There was never outside help in building this brand; it was just a passion project initially, and as we created unique examples of work, the paid sponsorships followed. One of the most challenging criticisms that I received early on was on an IG post of Bodhi’s photo. It was one of the first ones ever posted, and someone had commented, "It's just an iPhone photo. I don't get what the big deal is."
This struck me because this person was right- indeed. This was just an iPhone photo, and even with Bodhi's magnificence, I felt like I needed to do my part to step it up. I started to teach myself photography- I learned from books, videos, tutorials, asked photographer friends, and practiced every day until I felt comfortable doing Bodhi justice in these photos. I look back and am so grateful for this comment because it really put the fire under me to do better, seek more, and have an interest in things that I've never explored fully before.
I am aware that none of these fun projects or opportunities would exist if it weren't for our followers. I always remember to be grateful and put out the best work that I have to do my audience justice and give back happiness to a loyal group of followers who have joined me in seeing Bodhi grow. Our loyalty is always with them.
Content creation sounds fun and comfortable from the outside: the perfect life where you get to be creative in beautiful places, meeting interesting people, and all of this is true, but well, you don't see all of the work that goes on behind the scenes. For example, for a single MWD photoshoot, there are days of sourcing the outfit pieces, accessories, and props. Then there is the set’s curation: sourcing the materials, whether it's fabric or seamless background or planning for an on-location site. There is the studio production side where we perfect the lighting, angles, and perspectives. There's a tremendous amount of effort put in to make sure that Bodhi is happy, well-fed, well-walked, and feeling fabulous.
We take at least 300 rapid-fire photos in one photoshoot session to result in one or two final photographs that see the light of social media day. Then there is color correction, retouching, image optimization, and caption crafting, so in a nutshell, it's a compact, hyper-efficient version of an entire production + social media studio. My point being, it is incredibly enjoyable to work, but you will have to work very hard, you will have to work long hours, you will have to juggle a lot of platforms and programs, clients and partners, so make sure that it's something that you enjoy doing and building.
There was a time when content creators were being encouraged to post at least three times a day to keep their audience engaged because there is so much to consume on the social platforms that you had to claw for relevance. It's easy to get roped into chasing success through quantitative performance numbers. But, looking at the bigger picture of well-being, content creators have a huge responsibility to ask themselves: "What is the optimal number of posts for the mental state of both the content creators as well as the users"? and work accordingly.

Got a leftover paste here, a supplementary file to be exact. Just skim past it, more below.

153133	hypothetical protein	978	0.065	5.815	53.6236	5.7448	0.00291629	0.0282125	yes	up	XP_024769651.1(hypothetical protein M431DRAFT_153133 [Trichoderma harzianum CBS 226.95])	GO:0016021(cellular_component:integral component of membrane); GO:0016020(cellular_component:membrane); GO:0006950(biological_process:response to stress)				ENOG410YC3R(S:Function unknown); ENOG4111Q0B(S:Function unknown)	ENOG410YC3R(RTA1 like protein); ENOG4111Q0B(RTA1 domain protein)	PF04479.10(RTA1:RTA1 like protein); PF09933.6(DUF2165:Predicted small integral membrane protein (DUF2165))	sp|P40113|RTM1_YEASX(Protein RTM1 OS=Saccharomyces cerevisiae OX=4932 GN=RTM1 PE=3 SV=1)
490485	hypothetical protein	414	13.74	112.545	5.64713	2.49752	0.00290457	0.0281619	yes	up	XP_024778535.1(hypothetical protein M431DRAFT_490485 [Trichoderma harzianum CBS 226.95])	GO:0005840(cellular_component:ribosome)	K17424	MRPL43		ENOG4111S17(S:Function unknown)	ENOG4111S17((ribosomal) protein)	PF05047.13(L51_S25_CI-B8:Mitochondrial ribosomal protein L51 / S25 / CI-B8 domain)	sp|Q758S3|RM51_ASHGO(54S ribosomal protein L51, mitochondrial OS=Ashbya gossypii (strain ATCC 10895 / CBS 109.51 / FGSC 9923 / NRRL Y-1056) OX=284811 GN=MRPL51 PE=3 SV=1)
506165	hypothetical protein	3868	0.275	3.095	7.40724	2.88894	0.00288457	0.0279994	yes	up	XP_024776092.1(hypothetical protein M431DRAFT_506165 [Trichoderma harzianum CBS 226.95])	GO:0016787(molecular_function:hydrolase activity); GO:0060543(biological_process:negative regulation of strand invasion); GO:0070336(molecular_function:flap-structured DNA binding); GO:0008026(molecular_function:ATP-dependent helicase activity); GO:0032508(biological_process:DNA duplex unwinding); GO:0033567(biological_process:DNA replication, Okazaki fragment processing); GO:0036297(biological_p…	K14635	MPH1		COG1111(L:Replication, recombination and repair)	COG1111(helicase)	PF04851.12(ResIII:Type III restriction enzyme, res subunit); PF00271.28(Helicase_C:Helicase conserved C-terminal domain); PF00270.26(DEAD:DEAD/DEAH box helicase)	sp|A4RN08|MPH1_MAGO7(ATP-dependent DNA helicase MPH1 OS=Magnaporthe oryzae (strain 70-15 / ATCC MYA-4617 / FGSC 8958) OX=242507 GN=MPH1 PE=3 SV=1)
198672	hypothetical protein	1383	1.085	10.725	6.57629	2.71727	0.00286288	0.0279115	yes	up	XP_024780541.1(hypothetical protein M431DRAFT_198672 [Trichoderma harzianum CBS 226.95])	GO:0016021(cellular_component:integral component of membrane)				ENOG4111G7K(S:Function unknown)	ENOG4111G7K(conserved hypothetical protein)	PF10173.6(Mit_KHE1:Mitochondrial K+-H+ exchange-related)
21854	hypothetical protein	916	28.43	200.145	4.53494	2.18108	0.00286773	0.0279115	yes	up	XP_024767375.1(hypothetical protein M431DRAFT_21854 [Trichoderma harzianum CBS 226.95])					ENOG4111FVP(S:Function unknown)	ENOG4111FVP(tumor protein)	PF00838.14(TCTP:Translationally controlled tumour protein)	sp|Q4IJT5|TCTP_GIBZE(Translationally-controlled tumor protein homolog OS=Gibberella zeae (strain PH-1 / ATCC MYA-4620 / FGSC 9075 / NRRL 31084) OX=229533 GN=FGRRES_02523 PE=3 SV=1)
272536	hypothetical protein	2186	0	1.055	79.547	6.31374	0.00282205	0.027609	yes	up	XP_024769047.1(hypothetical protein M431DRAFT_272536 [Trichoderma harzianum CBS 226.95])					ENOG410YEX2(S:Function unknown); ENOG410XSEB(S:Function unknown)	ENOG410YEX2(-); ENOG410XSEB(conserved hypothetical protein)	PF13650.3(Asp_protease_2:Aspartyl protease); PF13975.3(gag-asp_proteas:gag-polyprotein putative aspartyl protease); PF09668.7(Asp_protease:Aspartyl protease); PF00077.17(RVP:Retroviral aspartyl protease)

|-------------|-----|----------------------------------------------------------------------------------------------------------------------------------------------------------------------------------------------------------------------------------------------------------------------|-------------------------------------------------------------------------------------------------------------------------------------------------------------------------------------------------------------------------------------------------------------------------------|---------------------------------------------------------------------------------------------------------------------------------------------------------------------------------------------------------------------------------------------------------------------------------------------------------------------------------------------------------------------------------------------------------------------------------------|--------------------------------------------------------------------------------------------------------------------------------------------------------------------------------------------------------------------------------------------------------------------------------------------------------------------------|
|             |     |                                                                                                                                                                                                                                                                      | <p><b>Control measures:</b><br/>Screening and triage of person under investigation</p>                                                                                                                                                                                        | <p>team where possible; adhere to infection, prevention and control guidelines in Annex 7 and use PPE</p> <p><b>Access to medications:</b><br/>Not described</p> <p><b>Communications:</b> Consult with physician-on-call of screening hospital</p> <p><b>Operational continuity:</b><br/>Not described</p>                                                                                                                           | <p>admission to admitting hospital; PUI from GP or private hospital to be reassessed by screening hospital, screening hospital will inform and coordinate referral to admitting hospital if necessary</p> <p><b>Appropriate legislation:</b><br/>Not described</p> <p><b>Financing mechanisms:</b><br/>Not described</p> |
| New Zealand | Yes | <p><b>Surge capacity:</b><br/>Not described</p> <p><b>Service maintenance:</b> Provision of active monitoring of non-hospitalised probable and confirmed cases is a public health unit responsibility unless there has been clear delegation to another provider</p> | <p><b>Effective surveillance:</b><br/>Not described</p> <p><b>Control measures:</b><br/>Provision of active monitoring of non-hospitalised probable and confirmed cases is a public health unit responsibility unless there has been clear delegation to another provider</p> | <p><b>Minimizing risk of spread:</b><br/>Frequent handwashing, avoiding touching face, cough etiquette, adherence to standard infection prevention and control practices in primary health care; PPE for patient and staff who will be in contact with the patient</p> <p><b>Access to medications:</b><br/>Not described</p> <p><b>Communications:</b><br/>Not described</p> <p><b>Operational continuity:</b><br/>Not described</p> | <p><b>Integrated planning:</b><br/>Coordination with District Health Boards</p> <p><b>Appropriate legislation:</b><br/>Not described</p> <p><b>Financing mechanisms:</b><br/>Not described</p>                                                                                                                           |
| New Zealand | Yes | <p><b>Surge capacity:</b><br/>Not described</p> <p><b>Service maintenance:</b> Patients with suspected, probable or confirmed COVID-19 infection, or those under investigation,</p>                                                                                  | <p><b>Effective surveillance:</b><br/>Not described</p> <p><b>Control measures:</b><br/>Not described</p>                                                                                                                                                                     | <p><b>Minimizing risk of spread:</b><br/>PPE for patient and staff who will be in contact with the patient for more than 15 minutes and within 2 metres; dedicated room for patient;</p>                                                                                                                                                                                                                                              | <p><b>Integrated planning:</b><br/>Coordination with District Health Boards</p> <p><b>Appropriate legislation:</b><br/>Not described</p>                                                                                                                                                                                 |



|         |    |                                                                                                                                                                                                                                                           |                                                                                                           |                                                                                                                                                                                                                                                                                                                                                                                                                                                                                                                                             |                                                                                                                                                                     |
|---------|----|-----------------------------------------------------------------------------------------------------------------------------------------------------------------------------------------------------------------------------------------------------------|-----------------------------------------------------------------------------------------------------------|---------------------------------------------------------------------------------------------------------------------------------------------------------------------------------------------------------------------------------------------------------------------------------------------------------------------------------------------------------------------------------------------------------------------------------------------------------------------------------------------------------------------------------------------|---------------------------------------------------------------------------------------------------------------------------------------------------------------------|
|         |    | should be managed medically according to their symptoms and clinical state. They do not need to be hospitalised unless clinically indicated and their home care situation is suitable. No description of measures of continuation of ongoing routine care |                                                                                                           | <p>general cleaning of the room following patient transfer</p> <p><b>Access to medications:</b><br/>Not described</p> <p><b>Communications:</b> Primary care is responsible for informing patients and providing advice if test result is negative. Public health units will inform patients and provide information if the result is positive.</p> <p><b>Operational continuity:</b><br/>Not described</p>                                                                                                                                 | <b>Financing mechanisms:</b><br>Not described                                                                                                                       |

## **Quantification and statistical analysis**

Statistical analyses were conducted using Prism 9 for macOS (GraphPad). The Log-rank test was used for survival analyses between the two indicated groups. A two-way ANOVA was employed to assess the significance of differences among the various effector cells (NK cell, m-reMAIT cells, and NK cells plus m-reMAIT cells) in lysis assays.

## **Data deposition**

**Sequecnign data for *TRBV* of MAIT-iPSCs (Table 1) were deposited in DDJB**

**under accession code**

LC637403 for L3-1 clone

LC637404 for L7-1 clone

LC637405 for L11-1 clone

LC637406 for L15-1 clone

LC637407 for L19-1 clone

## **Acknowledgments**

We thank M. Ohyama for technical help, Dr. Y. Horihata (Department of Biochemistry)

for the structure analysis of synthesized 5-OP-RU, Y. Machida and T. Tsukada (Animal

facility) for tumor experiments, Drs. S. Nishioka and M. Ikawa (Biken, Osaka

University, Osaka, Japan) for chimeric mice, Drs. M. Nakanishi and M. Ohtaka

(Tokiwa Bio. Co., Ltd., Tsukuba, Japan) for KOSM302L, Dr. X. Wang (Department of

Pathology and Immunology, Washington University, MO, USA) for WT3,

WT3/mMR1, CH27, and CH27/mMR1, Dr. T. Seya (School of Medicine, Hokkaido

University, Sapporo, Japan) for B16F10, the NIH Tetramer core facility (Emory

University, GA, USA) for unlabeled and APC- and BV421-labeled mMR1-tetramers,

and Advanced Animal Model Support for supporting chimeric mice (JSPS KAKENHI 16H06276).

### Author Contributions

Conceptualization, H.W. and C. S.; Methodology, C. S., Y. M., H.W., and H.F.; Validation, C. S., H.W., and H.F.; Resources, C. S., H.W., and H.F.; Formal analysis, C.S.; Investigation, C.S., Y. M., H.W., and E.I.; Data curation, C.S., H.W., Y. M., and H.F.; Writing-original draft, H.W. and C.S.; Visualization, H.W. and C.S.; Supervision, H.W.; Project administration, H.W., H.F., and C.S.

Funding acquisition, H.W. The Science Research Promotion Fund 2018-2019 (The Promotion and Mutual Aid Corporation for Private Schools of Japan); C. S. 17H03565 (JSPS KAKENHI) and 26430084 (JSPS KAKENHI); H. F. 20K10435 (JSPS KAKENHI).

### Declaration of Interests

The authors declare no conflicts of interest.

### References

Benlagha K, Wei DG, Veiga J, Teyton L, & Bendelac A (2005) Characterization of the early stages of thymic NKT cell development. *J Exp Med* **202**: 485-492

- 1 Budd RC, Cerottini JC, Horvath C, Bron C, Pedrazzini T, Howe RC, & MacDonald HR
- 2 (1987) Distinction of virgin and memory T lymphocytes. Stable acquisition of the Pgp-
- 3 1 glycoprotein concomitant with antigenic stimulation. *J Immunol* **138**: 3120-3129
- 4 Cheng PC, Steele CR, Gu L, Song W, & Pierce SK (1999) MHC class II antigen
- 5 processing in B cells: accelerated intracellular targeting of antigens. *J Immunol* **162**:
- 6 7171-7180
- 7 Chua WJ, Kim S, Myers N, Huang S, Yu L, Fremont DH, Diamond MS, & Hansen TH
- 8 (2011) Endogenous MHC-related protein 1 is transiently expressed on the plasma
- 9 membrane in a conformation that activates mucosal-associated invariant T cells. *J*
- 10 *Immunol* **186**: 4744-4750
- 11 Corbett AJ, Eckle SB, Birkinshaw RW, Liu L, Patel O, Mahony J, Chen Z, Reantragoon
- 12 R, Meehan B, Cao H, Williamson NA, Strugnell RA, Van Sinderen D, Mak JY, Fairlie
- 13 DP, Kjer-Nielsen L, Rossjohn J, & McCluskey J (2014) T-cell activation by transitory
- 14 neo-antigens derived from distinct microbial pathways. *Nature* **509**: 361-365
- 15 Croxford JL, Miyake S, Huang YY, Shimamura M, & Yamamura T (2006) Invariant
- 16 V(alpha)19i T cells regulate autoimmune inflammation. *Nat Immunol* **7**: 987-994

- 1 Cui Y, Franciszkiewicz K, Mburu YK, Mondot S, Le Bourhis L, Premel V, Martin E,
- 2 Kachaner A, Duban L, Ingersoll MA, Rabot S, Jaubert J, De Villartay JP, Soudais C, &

How much of our mental state, sense of self, and sense of happiness are we giving up to see an uptick in numbers in our insights? Is it reasonable or necessary for our followers to see content at this frequency, or do they need a break to put down their phones and enjoy other areas of their lives? We post once a week for our brand because that’s what suits Bodhi, me, and it feels like the right frequency to uplift and not overwhelm our followers.
I initially quit my full-time job because I had no more sick days or holidays to use for these entertaining opportunities that I was finding through Mensweardog. It was a pretty spontaneous choice. I knew that I needed to see this thing through, and the full-time job did not provide the kind of flexibility of time that I needed, so I decided on the name of adventure.
There are a few notable milestones that I will always carry with pride. The first is a double-page photo spread of Bodhi sporting the Top Summer destination on the New York Times Sunday Paper. I was living on the Upper East Side back then, and the first thing I did when I woke up in the morning was run to my local corner store and buy out the 20 copies that they had of the New York Times Sunday newspaper. Then I ran back up and gave Bodhi a big kiss because I was so proud of him. A second milestone would be the book that I co-wrote with my ex-partner, "Mensweardog presents the new classics: First looks for the Modern Man.”
My marketing strategy is to build a following based on providing value and positivity for the users and collaborate with companies that are already aligned with Mensweardog for genuine, passion-driven campaigns for products that I love, use, and proud to recommend.
Put your followers first, win their trust, and always work to keep that trust because it's really what differentiates a brand with follower loyalty vs. a brand that just has a lot of followers.
Why is this important? Even in the last ten years, there have been powerful social platforms that have lost their relevance time and time again. It went from Facebook to Twitter to Tumblr to Instagram, then now there's Tiktok. When users migrate from one platform to another, there are so many other and fresh content creators on the new platform that it becomes very easy for them to neglect the old platform altogether.
The only way that you're going to win a follower across platforms is to give them the value that keeps them returning again and again. For our account, it is the feel-good factor of Bodhi's incredible charm. It's the men's styling tips. It’s the introduction to dog lifestyle products that we love and trust with our dogs. It's about giving respect and value where it's due because the followers become your brand’s lifeline.
I had times when I handled all the brand deals and sponsorships by myself- it proved to be challenging as it was competing with the time that I needed to spend on creative content creation and the execution of these ideas. I was fortunate enough to be approached by several excellent content agencies who handle the logistics of contracts, timing, compensation and help me free up time for my creative process.
The agency that I work with currently is called Whalar, and I work with two beautiful agents with a deep, intimate understanding of Mensweardog as a brand, as a creative studio, and as a dog-human team.